The last chapter of Luke’s Gospel then becomes the story of what happens when the disciples encounter this new kind of time, what happens when God’s eternity erupts into history, what happens when God’s limitless life bursts in to the world where, up until now, life’s brief span has been measured out and is gone.
So the new day with which this chapter opens is something completely different: God’s eternity rising on the world of history, the resurrection exploding into the world as we know it and changing everything.
The people to whom this news is entrusted are women. They are named, Mary Magdalene, Joanna, and Mary the Mother of James, named not only here but also in Chapter 8. Luke was not an eyewitness of the Gospel events so his naming them strongly suggests that these women were the sources of some of his information. This in itself is startling, for in the patriarchal society of the day women could not give evidence in court, but in the Gospel the testimony of these women becomes the rock solid foundation for the faith of the Church. Things are shifting already. The boundaries that Jesus was continually crossing in his life, the outsiders he was always bringing in, become central in this new life of the resurrection.
The other disciples don’t yet believe. Their minds just aren’t big enough to grasp the enormity of the triumph of Jesus Christ, his resurrection something they never imagined. They need to be opened to the new life that Jesus has entered, they too need to step into resurrection time in which life is God and God is without limit. And they will; Jesus will open their minds and send them out to change the world. The Book of Acts tells the story of that, the story of the Church, a people who live both in time and in eternity, walking with Jesus in the resurrection day that never ends whilst at the same time carrying on their mission through history.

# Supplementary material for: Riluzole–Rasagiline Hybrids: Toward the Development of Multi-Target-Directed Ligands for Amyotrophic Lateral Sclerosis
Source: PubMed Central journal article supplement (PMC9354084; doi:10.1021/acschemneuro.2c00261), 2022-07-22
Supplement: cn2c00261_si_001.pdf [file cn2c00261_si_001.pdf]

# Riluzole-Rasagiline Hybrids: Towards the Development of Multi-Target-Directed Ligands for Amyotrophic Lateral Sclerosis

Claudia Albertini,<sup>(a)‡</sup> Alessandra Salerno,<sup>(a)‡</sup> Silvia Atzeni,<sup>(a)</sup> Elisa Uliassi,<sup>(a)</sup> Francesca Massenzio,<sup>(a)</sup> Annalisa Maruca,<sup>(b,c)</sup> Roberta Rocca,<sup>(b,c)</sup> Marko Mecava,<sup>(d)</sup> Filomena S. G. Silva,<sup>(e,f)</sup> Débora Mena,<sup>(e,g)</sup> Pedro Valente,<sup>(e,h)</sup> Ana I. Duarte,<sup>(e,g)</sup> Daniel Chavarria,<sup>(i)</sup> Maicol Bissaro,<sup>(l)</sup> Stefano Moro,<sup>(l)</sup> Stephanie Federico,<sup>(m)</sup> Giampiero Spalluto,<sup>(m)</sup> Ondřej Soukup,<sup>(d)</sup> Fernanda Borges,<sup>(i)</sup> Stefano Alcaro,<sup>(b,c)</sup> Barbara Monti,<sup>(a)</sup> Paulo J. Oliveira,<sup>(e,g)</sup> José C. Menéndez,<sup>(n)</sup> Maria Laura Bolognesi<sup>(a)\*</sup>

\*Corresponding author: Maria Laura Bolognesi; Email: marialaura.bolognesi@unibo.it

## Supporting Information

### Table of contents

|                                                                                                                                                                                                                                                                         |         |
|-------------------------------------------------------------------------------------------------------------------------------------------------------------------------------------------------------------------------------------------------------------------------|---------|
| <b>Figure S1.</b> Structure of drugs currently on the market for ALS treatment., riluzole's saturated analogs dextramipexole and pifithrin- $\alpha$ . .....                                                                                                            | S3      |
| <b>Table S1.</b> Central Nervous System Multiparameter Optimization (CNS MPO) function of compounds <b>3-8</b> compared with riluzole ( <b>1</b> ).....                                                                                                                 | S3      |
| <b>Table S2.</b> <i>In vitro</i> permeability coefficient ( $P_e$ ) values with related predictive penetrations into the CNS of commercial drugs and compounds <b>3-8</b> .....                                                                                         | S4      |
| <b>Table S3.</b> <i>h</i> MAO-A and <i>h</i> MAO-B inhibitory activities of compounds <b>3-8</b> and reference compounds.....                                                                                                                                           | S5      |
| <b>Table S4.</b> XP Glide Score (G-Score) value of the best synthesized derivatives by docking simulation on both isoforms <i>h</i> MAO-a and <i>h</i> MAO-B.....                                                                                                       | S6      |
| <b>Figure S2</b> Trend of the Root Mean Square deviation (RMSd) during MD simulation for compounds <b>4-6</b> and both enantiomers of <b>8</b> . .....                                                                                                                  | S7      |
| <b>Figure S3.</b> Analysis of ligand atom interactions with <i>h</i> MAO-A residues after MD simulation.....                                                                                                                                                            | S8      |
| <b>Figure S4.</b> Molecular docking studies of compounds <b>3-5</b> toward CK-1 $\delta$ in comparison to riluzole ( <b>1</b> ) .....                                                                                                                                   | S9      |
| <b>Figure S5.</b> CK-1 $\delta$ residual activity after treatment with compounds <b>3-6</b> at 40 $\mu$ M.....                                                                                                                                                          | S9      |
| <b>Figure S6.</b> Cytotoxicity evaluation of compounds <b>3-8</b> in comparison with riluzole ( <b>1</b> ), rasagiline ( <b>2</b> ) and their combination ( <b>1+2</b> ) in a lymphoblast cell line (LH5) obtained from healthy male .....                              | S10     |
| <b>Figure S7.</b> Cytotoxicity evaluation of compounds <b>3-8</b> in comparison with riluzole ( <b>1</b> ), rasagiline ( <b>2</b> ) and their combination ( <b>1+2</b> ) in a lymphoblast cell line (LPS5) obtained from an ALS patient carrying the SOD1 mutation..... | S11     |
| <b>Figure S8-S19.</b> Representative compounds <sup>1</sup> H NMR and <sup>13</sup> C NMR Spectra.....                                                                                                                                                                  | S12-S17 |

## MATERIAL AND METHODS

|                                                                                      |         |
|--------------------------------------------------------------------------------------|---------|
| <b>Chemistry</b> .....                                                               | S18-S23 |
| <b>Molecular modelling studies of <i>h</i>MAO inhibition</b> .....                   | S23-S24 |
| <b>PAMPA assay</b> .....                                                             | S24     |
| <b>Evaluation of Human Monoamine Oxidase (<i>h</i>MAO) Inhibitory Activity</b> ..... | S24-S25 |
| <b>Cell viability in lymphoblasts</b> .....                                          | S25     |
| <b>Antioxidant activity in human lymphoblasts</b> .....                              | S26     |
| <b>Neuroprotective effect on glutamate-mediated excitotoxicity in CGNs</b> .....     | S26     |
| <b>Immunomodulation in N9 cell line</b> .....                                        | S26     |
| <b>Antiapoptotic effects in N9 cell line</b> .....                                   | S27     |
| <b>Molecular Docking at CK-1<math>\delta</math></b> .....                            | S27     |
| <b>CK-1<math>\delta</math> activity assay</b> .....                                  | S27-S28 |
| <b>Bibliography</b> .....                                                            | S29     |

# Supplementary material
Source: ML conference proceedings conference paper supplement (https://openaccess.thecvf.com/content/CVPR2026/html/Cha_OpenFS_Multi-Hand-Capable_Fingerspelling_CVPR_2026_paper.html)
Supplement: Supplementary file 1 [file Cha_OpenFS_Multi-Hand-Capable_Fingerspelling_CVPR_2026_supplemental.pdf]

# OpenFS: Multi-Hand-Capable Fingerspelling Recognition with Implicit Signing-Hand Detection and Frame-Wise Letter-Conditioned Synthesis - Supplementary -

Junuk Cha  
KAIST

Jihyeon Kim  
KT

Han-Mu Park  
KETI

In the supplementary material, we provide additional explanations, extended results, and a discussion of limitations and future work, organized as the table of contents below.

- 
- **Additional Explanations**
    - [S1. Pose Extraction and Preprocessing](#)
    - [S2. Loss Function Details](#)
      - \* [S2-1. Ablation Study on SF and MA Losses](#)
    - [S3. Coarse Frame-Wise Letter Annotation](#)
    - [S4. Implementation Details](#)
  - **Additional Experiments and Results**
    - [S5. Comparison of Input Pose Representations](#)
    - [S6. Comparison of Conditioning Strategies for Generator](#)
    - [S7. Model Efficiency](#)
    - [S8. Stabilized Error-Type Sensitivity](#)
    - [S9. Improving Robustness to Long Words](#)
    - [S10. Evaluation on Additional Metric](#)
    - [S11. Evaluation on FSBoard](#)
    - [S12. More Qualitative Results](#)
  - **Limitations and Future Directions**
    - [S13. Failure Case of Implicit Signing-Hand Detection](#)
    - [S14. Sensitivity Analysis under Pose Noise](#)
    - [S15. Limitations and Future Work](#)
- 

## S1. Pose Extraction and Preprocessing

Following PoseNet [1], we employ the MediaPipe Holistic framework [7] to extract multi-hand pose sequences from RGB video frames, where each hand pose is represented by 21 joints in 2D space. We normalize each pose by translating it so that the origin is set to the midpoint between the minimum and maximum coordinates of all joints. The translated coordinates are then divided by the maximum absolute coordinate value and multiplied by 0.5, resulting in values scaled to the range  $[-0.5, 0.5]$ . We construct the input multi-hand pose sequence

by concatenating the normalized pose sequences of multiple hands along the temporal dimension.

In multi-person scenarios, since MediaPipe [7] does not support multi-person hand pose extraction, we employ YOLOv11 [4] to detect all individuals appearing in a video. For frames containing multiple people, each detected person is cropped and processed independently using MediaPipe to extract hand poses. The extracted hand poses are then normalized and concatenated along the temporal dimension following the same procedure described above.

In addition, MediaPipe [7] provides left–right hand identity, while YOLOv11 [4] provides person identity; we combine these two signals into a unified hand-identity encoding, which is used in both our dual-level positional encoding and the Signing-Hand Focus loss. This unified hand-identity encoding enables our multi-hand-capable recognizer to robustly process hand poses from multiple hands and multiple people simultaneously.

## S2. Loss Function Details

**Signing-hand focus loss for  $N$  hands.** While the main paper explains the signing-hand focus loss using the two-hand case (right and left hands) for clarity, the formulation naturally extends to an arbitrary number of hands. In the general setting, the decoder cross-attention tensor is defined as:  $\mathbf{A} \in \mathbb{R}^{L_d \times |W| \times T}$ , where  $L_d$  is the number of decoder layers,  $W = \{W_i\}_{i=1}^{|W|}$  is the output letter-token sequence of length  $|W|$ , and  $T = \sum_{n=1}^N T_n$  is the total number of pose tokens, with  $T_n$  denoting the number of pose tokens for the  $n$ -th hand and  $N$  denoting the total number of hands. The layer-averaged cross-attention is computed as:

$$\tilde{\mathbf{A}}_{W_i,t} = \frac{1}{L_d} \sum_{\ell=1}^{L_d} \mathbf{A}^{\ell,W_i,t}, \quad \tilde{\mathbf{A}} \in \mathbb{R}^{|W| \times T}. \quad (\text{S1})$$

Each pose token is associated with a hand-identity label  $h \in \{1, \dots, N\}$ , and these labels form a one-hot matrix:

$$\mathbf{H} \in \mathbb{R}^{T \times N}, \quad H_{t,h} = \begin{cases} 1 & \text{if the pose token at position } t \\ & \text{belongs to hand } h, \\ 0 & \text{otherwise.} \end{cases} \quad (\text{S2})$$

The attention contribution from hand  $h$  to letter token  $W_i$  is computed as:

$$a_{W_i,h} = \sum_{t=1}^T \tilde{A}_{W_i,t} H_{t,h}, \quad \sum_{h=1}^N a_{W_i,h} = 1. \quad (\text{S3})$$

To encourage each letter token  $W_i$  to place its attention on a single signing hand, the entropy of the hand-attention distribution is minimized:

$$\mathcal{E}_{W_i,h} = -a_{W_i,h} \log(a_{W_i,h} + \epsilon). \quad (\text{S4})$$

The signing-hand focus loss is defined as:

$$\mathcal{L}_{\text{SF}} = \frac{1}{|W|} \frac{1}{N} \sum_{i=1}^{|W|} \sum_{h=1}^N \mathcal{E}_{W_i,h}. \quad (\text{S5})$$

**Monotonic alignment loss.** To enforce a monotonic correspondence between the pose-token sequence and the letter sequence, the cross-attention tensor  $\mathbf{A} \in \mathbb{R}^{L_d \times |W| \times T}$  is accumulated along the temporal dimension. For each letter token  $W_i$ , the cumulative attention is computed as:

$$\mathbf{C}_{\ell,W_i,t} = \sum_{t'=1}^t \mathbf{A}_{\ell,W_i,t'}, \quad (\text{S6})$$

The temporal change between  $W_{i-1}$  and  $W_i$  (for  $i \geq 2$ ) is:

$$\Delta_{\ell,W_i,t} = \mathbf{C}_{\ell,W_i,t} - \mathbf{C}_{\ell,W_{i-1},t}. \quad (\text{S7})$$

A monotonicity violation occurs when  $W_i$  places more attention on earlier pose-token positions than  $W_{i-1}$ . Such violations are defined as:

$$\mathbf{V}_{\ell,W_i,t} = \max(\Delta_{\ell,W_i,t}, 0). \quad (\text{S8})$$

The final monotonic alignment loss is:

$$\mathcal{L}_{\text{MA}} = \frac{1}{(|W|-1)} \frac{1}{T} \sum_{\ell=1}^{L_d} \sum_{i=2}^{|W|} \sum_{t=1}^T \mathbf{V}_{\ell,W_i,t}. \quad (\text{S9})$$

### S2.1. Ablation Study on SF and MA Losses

And this is what the church does still. There are 28 chapters in Acts in the Bible, but the story of the Church is continuous; we are probably now living through something like Acts chapter 600. And, at the same time, we are still in Luke chapter 24, in the day that never ends, walking with Jesus to Emmaus, recognising him in the breaking of the bread as he opens our minds to his word.
God’s eternity is present in every moment of the time that passes and is gone. The Church is the concrete living reality that joins the two together in mission and service, in prayer and sacrament; walking through history whilst living with the Spirit of Christ, risen from the dead. In the words of an Easter hymn, now is eternal life, if risen with Christ we stand.

As we remember our baptisms and celebrate the Eucharist tonight God’s eternity once more bursts in on the time that passes and is gone. The Resurrection of Christ opens to us eternal life, here and now, and throughout our lives as we follow him along the road, meet him in the breaking of bread and hear him speaking to us in the words of scripture.